Autumn de Wilde’s feature film directorial debut, Emma., is a romantic-dramedy period piece based on the 1815 Jane Austin novel of the same name, which has been adapted numerous times. Autumn de Wilde’s film takes place in the early 19th Century and it follows its privileged titular character, Emma Woodhouse (played by Anya Taylor-Joy), as she interferes with her friend’s love life. Her friend, the sweet but impressionable Harriet Smith (played by Mia Goth), is attracted to a Mr. Robert Martin (played by Connor Swindells). But, instead, Emma thinks that Harriet should pursue a romantic relationship with the local vicar, Mr. Elton (played by Josh O’Connor), even though it’s clear to everyone except for Emma and Harriet that he is actually attracted to the title character. Continue reading “REVIEW: Emma. (2020)”

93rd Academy Awards: Final Oscar Nomination Predictions

Still Image Boseman Ma Rainey
Chadwick Boseman in ‘Ma Rainey’s Black Bottom,’ — Still Image — Photo: David Lee / Netflix.

It’s that time of the year again (though a little bit later than usual)! The Academy Awards nominations will be revealed in a couple of days on March 15th, 2021. As always, there will be surprises, there will be upsets, and there will probably be a snub or two. Only time will tell how wrong or right awards analysts and precursors will be. This year, the BAFTAs tried out a new method that has shaken up the awards precursor traditions and that means there are numerous categories that are up for grabs at the Oscars. Continue reading “93rd Academy Awards: Final Oscar Nomination Predictions”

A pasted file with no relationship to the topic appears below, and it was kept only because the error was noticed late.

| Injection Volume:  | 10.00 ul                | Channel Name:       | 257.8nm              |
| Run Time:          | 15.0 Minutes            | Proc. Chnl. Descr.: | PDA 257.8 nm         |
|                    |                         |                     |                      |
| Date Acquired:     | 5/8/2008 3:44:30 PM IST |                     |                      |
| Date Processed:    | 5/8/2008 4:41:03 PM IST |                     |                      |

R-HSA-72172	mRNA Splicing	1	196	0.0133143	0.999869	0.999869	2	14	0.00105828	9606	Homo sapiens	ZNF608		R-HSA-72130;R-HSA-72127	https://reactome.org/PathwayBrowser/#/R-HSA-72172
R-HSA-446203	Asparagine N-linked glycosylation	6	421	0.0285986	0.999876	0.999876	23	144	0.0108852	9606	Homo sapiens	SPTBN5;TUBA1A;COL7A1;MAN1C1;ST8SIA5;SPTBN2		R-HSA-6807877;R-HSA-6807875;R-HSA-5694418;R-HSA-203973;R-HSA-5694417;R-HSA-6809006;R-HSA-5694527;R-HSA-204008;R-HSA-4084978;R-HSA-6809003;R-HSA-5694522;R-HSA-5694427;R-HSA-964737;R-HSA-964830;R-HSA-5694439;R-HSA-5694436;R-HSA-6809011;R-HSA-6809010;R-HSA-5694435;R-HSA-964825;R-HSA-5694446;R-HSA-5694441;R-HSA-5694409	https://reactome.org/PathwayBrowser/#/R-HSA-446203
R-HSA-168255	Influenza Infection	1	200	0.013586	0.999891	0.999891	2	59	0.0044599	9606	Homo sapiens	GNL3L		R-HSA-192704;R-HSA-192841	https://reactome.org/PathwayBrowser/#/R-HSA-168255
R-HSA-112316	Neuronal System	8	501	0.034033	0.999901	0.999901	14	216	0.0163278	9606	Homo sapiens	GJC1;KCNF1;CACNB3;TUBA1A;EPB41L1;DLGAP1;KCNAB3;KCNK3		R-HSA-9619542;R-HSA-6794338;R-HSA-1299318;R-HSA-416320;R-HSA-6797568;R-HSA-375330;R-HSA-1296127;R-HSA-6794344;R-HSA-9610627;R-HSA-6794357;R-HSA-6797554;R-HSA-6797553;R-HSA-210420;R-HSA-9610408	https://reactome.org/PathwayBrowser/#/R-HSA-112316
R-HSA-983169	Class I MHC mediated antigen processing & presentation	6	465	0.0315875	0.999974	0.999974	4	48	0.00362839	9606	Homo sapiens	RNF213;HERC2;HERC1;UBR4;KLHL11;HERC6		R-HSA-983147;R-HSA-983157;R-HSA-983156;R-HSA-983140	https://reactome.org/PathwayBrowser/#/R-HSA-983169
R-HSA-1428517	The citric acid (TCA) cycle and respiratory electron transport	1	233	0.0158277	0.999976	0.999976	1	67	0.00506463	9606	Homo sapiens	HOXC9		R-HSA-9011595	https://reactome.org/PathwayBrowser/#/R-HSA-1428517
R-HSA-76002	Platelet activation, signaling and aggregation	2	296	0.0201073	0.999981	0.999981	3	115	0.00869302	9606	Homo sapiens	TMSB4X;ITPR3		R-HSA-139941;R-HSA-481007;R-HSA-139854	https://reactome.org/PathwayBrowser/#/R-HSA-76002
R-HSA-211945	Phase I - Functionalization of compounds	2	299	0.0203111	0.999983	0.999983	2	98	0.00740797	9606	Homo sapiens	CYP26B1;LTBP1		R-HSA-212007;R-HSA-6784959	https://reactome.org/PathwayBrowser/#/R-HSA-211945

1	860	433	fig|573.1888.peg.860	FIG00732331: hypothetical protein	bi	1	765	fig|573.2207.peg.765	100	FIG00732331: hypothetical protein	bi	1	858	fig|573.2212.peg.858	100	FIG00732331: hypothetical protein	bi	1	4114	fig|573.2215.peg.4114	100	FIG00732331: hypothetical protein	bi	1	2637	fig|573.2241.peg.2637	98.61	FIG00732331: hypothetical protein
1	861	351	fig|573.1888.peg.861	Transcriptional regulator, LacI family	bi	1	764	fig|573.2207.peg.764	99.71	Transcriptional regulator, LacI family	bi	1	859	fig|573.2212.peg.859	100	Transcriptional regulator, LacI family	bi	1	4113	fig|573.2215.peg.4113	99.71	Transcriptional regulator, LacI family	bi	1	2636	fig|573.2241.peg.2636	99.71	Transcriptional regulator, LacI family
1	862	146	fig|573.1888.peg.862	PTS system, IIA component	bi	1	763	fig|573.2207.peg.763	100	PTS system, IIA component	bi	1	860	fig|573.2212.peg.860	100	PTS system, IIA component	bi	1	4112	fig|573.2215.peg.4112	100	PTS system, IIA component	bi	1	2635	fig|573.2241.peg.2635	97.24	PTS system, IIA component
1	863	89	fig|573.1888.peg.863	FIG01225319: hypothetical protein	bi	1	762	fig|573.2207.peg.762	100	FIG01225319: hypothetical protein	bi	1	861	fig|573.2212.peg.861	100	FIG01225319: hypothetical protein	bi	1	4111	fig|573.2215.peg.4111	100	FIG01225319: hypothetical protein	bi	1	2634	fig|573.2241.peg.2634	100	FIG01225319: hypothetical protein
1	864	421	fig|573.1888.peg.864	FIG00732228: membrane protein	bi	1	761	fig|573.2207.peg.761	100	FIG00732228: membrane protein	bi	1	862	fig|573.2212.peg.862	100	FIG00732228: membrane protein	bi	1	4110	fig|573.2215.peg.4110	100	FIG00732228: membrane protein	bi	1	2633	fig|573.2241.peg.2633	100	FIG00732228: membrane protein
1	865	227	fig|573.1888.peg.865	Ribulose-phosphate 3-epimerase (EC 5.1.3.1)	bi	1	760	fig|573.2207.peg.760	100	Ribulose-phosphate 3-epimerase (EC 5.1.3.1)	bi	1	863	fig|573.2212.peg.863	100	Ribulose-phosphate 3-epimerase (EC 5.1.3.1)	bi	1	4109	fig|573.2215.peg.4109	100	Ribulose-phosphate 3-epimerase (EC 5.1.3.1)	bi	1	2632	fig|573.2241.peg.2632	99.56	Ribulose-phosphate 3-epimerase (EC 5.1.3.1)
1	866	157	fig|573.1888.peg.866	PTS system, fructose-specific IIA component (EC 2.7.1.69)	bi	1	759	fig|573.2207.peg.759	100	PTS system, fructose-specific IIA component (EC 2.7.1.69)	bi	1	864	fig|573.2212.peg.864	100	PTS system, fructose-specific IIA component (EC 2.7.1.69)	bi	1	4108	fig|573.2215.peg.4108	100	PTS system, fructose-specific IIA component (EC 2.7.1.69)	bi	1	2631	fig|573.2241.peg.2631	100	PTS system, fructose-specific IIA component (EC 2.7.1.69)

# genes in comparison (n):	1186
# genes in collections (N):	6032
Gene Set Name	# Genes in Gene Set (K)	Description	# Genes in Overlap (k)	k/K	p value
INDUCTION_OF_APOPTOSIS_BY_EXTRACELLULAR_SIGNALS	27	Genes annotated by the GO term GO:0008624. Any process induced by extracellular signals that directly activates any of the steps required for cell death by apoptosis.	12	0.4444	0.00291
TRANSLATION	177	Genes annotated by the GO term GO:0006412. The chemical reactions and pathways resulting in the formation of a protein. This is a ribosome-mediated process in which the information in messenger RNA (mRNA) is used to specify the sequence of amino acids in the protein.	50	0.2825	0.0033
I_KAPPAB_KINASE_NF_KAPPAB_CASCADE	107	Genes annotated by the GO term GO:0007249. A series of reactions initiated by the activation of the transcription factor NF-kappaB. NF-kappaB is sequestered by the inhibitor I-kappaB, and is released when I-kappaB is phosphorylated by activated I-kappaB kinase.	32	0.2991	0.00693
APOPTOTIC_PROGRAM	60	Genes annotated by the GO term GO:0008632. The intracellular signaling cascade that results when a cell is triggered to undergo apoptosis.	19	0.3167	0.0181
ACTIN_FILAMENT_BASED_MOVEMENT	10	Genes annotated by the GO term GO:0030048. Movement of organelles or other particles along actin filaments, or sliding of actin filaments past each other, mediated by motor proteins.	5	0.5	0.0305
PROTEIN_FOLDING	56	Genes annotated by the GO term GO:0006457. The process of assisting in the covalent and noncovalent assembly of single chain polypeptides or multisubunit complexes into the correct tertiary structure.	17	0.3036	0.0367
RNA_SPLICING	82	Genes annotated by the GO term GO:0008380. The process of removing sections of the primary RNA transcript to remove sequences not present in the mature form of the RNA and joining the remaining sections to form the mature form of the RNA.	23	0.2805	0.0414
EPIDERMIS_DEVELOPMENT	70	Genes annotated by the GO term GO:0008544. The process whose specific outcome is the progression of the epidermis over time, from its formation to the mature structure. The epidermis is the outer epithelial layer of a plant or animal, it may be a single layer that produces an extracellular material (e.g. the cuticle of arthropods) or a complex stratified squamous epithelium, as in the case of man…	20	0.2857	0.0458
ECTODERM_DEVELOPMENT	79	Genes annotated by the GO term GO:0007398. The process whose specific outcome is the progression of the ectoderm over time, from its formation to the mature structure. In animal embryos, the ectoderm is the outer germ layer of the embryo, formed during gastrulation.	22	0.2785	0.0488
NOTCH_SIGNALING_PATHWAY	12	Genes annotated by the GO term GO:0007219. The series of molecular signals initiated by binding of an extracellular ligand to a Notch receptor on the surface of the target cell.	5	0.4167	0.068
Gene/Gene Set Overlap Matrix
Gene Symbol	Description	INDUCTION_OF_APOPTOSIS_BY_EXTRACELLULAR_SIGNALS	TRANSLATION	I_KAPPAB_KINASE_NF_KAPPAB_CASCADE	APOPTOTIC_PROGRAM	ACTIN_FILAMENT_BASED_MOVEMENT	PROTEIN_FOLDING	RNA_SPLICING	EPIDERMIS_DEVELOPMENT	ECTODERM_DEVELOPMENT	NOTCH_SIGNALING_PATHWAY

REVIEW: Coming 2 America (2021)

Eddie Murphy stars in COMING 2 AMERICA. — Photo Courtesy of Amazon Studios.

Directed by Craig Brewer (Dolemite Is My Name) — Screenplay by Kenya Barris, Barry W. Blaustein, and David Sheffield.

Craig Brewer’s Coming 2 America takes place 30 years after the events of the first film, and the sequel still follows Akeem (played by Eddie Murphy), who has now become king of Zamunda, as he tries to figure out who his heir to the throne will be. The neighboring nation conveniently called Nextdoria (you get the joke) has proposed that since Akeem has no male successor to the throne, his eldest daughter, Meeka (played by KiKi Layne), should be married to the eldest son of the leader of Nextdoria for the purpose of bringing the two nations closer together. But Akeem doesn’t like that idea, so he is looking for another way out of this problem. Continue reading “REVIEW: Coming 2 America (2021)”

REVIEW: Raya and the Last Dragon (2021)

Raya (voiced by Kelly Marie Tran) and her nemesis, Namaari (voiced by Gemma Chan), face off amid the snowy mountains of Spine. Walt Disney Animation Studios’ “Raya and the Last Dragon” in theaters and on Disney+ with Premier Access on March 5, 2021. — Photo: Disney.

Directed by Don Hall (Big Hero 6) & Carlos López Estrada (Blindspotting) — Screenplay by Qui Nguyen & Adele Lim (Crazy Rich Asians).

Don Hall and Carlos López Estrada’s Raya and the Last Dragon is an action-adventure film set in the fantasy land of Kumandra, which is inspired by Southeast Asian cultures, that has been divided into five tribes — Fang, Heart, Talon, Spine, and Tail — named after their placement on a giant river that flows through all of Kumandra. These tribes don’t see eye to eye, and they all covet a magical orb that was once created by dragons that have since been turned to stone by evil spirits known as the Druun. The Druun have disappeared because of the creation of the powerful orb, which is now protected by the Heart tribe, led by Chief Benja (voiced by Daniel Dae Kim) who still believes that the tribes can reunite and bring new life to the once glorious land of Kumandra. Continue reading “REVIEW: Raya and the Last Dragon (2021)”